The Ukrainian children at the mercy of UK’s refugee scheme

5 June 2022

Under-18s travelling alone not permitted to be hosted under Homes for Ukraine programme, leaving them with no route to UKRussia-Ukraine war: latest updates

Nazarii has spent the last three weeks listening to fighter planes fly over his village in western Ukraine and hoping that his British visa will arrive soon.

The 17-year-old applied to join a family in Hampshire under the Homes for Ukraine scheme on 11 April and thought it would be straightforward. But with no decision from the Home Office, it appears Nazarii may be the latest casualty of a government policy that denies visas to unaccompanied children.

Under-18s travelling alone are not permitted to be hosted under the Homes for Ukraine programme, leaving them with no route to Britain.

British families that have been carefully vetted and subject to enhanced DBS checks are frustrated that they cannot help teenagers with whom they have been matched. Many are already alone and vulnerable to trafficking and abuse.

The government claims the policy is designed to safeguard children, but by offering no alternative, charities say it could leave young people in greater danger in Ukraine and elsewhere in Europe.

For Nazarii, travelling with his parents is not an option. His mother has to care for elderly relatives in their village near Ternopil and his father is a much-needed doctor.

His potential host, Samantha Read, 54, from Church Crookham in Hampshire, works as a teaching assistant and lives with her husband, Tim, and their 17-year-old son, Theo.

She said she rang the Home Office helpline at the start of April to ask if she could host a 17-year-old and was told it was fine if there was written parental permission. After DBS checks and vetting by social services they were expecting the visa any day.

Speaking about Nazarii's parents, Read said: "All they want is to keep their son safe so he can have a positive future. We have formed a bond with this family. We know we can support him emotionally, financially, provide a safe haven in a loving family home.

"Is it really too much to ask that the Home Office grant this visa as they told me they would in a timely manner?"

Meanwhile, Nazarii is left wondering how he will find safety. "I often hear many sirens and military planes, terrible sounds," he said.

Robina Qureshi, chief executive of the refugee hosting charity Positive Action In Housing , said: "The thing that is most shocking about this is that the most vulnerable of refugees, unaccompanied children, are being denied access to the UK."

Qureshi wants established charities like hers, with experience of placing refugees with families, to be allowed to bring teenagers to Britain. "We need the government to act urgently for the sake of 18 unaccompanied minors who we are supporting at present who are at risk of trafficking or being forced to live in or return to a war zone. They are frankly terrified," she said.

Kostiantyn and Sasha, both 17, are sleeping on a stranger's sofa in Warsaw having fled Ukraine at the end of February. The friends, who were studying engineering and maths at college together in Kyiv, speak fluent English and no Polish.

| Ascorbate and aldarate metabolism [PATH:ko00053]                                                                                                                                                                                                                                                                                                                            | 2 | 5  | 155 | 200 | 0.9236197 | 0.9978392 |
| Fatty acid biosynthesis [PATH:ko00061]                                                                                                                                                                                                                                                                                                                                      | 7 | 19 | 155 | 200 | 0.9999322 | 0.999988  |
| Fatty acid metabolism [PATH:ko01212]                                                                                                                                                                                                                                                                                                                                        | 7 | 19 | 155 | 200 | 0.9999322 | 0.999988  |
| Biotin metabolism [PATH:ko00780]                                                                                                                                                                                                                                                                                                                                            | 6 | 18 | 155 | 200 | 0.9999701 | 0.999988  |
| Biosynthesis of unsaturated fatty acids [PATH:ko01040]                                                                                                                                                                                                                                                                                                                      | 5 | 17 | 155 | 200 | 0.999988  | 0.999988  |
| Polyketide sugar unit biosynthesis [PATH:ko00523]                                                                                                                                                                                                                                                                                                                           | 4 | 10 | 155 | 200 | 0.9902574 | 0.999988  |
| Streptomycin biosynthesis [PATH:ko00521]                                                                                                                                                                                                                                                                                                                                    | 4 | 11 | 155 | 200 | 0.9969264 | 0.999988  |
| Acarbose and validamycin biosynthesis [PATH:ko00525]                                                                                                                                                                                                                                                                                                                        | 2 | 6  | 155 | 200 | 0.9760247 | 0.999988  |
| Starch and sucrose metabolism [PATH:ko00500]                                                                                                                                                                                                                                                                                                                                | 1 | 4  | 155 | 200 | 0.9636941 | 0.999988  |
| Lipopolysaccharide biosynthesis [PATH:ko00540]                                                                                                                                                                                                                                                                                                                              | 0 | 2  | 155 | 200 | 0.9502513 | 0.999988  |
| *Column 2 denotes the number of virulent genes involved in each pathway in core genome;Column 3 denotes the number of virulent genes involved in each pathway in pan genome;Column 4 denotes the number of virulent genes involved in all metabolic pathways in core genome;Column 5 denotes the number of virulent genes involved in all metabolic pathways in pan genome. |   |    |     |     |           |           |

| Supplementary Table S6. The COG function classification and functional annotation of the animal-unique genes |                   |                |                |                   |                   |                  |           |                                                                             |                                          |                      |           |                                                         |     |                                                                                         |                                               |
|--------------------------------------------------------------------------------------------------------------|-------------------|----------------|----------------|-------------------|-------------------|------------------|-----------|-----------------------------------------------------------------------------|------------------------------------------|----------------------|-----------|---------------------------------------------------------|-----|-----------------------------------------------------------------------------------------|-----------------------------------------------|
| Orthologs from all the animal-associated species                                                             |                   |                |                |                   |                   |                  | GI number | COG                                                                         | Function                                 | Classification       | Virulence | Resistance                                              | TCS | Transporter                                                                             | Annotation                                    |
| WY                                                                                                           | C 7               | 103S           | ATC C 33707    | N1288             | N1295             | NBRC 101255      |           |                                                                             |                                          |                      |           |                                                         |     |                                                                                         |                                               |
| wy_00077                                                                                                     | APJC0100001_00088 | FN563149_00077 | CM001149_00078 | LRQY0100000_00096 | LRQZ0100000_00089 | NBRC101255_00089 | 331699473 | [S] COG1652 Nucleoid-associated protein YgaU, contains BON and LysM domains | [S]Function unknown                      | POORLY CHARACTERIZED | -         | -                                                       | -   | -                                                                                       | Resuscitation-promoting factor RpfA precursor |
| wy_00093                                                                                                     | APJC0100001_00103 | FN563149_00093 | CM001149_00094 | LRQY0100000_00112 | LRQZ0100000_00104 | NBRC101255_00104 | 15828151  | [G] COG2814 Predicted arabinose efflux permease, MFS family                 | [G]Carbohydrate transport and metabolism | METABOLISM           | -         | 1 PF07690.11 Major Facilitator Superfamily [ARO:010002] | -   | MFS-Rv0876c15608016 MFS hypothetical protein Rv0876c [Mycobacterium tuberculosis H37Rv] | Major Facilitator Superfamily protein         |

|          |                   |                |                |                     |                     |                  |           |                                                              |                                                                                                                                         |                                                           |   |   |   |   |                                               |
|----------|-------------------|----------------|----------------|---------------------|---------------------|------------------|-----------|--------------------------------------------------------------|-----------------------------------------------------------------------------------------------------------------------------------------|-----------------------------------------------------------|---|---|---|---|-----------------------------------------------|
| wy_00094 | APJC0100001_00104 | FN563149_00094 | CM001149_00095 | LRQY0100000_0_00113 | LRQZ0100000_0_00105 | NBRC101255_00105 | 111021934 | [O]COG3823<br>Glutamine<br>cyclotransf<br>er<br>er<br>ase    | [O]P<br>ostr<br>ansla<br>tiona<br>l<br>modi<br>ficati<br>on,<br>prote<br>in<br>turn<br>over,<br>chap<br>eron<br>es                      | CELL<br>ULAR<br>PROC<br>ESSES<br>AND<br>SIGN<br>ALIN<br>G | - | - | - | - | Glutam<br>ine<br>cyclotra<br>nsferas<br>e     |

They were matched by Positive Action In Housing with a carefully vetted couple in Manchester. Kostiantyn said: "We were convinced everything was going to be alright but now we've discovered that we can't come without our parents and it seems impossible.

"In Ukraine if you're 16 you can travel - you don't need to ask your parent."

Dennis Colligan, 60, a GP from Didsbury in Manchester, agreed to host the boys along with his wife, Cathy, 59, a speech therapist. Both have enhanced criminal records checks as part of their jobs and empty spare rooms as their three adult children have left home.

Colligan said: "It's very disappointing because we've got a situation that would work. Cathy and I have got the space, we've got the resources and we've got a background in knowing about safeguarding, children, health and welfare.

"It seems a real shame that we can't actually get them over here and get them settled, so they feel safe and can resume their education."

Kostiantyn's mother has stayed in Ukraine to support his father and he wants to be able to work and send money home to support his family. Sasha's mother has gone to France.

They are nervous of the risks if the placement falls through. Sasha said: "We want to travel to the United Kingdom because we have a sponsor here - we already know we'll find a place to sleep and a friend in Manchester who's a really nice person. But we don't have all of these benefits in other countries like France or Germany, so it's more dangerous to go there."

Dan Paskins, director of UK impact at Save the Children , said "The government's 'one size fits all' approach in these instances can put children at risk of taking dangerous routes to seek safety.

"What's needed are caseworkers who are on the ground, who have the skills, background and knowledge to be able to make a really informed and rapid assessment of each individual case - particularly for children coming to live with adults with whom they have a longstanding relationship."

A government spokesperson said: "Due to safeguarding concerns, unaccompanied minors are only eligible under the Homes for Ukraine scheme if they are reuniting with a parent or legal guardian in the UK.

"There are no plans to make those trying to sponsor unaccompanied children 'guardians'."

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